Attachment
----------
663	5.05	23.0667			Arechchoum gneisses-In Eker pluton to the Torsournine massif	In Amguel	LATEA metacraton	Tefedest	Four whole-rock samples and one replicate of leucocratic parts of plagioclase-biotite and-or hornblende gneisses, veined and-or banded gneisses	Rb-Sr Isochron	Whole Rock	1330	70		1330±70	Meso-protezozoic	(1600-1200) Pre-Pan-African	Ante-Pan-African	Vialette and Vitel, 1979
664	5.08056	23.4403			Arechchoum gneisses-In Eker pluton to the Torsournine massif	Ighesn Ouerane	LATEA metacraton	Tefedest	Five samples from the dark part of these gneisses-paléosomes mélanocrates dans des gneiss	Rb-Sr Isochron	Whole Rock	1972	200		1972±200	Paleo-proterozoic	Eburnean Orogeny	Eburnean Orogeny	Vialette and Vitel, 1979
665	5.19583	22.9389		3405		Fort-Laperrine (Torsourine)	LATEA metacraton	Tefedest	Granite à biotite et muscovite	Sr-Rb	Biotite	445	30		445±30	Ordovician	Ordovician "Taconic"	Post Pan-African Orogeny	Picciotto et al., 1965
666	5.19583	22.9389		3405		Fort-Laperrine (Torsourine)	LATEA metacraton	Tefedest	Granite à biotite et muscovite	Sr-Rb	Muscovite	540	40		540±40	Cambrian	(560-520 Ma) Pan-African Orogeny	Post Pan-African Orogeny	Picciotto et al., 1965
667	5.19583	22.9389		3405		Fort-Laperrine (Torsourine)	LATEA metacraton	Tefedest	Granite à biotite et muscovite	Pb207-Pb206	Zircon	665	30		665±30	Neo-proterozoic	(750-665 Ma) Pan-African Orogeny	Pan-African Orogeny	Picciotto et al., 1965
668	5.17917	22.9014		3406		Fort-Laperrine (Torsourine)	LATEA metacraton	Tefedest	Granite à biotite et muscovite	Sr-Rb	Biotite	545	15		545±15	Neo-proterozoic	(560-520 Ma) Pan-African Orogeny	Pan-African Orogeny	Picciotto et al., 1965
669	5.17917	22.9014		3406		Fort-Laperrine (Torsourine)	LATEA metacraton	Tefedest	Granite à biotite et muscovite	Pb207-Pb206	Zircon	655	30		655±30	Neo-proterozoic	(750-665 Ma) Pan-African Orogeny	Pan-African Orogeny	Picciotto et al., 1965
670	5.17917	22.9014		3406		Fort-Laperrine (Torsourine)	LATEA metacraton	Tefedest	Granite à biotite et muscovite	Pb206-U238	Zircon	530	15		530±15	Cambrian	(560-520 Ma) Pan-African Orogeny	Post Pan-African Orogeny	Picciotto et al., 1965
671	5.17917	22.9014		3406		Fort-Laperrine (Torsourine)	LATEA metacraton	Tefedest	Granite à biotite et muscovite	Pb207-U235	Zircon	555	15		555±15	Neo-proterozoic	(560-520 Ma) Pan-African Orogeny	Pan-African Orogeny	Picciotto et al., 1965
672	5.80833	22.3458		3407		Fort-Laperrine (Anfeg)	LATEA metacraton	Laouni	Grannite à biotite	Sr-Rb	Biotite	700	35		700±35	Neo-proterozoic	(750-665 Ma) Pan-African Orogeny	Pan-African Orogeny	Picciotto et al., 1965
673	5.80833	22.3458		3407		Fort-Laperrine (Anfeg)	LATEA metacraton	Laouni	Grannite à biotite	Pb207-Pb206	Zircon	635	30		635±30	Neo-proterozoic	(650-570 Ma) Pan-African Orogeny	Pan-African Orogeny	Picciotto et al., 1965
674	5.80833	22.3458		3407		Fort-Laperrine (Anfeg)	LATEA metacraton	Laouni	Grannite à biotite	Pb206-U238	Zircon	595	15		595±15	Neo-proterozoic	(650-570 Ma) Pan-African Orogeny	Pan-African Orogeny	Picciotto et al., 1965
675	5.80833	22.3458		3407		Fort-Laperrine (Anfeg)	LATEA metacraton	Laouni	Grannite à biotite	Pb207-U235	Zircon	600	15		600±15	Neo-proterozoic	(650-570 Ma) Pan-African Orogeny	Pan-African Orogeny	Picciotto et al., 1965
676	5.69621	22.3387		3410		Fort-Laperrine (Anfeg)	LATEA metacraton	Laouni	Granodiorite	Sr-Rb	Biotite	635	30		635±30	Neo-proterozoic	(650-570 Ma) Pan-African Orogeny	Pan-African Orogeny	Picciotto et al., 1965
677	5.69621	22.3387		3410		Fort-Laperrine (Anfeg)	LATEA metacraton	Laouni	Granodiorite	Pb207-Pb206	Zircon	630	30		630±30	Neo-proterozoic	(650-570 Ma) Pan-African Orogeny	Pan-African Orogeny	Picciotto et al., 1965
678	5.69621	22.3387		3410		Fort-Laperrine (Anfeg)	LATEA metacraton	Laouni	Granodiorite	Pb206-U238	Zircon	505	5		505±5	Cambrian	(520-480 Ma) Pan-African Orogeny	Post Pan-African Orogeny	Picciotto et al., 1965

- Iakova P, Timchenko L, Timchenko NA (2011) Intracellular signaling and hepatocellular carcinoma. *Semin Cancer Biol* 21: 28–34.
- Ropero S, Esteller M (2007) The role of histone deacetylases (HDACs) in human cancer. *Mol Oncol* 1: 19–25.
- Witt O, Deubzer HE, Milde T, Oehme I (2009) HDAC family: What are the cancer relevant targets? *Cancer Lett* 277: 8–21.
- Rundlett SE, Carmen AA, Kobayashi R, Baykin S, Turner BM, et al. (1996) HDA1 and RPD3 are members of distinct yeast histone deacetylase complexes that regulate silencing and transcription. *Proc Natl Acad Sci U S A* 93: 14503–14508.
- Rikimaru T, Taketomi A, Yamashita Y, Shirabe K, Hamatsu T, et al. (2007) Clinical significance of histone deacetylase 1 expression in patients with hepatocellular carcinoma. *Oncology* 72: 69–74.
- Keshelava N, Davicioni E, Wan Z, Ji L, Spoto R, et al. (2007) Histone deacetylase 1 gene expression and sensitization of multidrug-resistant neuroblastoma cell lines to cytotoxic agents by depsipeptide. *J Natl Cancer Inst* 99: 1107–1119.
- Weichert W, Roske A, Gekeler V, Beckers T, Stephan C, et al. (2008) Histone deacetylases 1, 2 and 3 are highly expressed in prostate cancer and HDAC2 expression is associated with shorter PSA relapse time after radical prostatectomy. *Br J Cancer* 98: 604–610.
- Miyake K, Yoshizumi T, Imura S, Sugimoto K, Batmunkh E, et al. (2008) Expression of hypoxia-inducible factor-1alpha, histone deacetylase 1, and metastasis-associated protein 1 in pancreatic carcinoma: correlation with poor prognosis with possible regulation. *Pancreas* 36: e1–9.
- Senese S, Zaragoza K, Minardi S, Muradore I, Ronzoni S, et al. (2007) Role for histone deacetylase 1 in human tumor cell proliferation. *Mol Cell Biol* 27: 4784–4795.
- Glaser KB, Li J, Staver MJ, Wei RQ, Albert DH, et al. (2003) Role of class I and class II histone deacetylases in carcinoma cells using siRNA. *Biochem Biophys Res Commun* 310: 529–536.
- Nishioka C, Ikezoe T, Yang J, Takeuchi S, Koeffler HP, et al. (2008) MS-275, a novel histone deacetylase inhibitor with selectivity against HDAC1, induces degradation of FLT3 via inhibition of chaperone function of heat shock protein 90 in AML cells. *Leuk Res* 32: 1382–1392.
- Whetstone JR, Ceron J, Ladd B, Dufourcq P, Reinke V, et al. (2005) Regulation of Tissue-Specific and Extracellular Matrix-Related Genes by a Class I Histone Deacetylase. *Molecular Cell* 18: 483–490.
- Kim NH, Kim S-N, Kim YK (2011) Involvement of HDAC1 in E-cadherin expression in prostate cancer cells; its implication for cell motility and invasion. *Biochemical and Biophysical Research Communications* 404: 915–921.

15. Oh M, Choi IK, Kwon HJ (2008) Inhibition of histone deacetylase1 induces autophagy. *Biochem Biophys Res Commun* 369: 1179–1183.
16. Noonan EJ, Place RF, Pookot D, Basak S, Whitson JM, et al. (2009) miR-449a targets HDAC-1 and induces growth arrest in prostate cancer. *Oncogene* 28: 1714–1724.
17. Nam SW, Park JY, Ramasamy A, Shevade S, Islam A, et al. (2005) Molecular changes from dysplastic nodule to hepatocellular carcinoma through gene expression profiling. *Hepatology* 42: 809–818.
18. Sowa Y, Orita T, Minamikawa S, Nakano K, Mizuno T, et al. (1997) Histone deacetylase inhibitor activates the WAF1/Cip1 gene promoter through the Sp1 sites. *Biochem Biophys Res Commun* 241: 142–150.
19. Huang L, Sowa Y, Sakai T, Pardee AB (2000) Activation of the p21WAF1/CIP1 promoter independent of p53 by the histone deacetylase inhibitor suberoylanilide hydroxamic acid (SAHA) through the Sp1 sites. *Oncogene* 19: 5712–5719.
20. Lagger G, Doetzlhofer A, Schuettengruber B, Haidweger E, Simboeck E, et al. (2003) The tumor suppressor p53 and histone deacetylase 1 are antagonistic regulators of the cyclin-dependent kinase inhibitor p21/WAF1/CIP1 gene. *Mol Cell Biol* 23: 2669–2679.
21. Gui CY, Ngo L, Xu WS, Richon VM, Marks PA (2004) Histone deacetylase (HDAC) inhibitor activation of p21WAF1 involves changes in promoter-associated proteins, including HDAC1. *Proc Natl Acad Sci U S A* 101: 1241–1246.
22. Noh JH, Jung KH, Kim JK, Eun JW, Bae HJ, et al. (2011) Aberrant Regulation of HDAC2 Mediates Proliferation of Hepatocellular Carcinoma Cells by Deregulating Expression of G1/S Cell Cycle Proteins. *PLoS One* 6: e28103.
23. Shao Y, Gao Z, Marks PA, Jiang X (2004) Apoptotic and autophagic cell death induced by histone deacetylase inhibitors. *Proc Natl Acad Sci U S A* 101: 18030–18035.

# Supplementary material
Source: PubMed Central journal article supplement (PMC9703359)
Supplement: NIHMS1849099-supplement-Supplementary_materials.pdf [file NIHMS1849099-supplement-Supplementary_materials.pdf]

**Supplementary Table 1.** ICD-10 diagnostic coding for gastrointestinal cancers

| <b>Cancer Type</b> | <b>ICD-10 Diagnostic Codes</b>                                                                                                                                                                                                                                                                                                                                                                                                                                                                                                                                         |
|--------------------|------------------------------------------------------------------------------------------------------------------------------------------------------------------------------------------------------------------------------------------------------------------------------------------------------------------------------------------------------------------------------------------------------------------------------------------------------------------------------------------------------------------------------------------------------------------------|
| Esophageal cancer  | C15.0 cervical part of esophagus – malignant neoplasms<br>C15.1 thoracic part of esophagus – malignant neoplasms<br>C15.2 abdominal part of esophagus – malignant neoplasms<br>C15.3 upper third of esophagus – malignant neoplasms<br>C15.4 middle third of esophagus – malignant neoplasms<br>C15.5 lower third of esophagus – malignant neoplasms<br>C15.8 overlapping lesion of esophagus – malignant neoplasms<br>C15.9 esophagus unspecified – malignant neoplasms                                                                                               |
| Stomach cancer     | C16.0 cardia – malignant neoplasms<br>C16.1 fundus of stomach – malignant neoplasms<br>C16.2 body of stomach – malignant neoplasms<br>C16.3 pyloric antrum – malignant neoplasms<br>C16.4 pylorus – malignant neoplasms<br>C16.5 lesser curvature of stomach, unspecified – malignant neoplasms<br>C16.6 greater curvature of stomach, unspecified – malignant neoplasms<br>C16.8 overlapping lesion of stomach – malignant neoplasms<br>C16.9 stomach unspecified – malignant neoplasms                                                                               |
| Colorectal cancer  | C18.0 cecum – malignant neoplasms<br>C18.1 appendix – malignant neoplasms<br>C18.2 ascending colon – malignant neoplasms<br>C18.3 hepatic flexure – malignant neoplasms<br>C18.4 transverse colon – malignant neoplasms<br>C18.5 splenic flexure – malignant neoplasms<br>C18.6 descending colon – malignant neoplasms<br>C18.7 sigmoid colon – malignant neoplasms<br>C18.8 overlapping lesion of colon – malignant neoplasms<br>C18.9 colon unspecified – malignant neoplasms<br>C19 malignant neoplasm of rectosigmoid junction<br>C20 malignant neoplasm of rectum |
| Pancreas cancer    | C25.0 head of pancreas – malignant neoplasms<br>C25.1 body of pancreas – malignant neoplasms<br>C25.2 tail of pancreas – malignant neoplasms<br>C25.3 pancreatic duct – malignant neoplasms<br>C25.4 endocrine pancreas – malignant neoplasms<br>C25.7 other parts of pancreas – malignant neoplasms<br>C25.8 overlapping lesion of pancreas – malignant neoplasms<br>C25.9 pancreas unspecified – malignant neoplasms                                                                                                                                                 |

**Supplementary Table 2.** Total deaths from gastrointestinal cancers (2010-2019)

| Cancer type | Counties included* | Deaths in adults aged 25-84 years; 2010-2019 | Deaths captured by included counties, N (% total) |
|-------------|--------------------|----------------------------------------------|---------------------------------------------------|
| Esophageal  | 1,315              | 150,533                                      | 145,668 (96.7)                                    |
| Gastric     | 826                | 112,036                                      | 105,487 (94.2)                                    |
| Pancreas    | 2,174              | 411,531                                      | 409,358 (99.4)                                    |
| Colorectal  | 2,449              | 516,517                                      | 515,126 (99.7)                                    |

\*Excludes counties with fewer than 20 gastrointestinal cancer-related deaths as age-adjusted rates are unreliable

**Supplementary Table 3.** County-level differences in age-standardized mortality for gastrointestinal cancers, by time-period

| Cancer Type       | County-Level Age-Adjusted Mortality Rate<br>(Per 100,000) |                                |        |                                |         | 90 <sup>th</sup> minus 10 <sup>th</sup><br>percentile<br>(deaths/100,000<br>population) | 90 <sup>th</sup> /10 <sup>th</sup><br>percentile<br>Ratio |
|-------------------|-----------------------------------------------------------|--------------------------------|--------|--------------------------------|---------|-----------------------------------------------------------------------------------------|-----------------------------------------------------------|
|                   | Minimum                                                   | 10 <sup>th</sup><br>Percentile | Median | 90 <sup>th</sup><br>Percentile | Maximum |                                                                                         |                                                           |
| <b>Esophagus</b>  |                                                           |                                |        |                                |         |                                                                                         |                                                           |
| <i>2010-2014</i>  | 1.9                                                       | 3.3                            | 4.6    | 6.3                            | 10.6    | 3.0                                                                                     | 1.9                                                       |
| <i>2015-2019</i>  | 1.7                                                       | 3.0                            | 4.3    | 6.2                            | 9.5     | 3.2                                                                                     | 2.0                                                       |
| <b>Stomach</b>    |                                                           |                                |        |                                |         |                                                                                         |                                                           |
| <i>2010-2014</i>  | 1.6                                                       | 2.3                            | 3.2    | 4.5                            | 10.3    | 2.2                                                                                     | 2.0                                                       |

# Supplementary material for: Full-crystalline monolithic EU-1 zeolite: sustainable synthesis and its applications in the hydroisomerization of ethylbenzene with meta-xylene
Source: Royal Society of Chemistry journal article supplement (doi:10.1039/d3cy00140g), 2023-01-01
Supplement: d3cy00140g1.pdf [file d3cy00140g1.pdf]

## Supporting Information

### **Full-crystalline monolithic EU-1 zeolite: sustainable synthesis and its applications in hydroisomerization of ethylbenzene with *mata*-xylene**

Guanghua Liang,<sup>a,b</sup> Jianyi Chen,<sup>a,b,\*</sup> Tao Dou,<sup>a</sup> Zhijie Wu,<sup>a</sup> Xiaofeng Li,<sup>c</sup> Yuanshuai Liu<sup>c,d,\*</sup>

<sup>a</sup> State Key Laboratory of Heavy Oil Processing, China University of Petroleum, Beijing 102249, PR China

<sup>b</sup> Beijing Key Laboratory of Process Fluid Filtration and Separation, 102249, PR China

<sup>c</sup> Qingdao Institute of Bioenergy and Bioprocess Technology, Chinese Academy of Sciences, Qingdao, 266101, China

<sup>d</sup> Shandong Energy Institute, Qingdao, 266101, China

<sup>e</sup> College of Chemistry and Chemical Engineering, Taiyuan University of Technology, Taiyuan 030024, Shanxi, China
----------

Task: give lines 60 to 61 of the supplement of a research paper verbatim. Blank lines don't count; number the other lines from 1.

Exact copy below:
|                   | Minimum                                                   | 10 <sup>th</sup><br>Percentile | Median | 90 <sup>th</sup><br>Percentile | Maximum |                                                                                         |                                                           |
| <b>Esophagus</b>  |                                                           |                                |        |                                |         |                                                                                         |                                                           |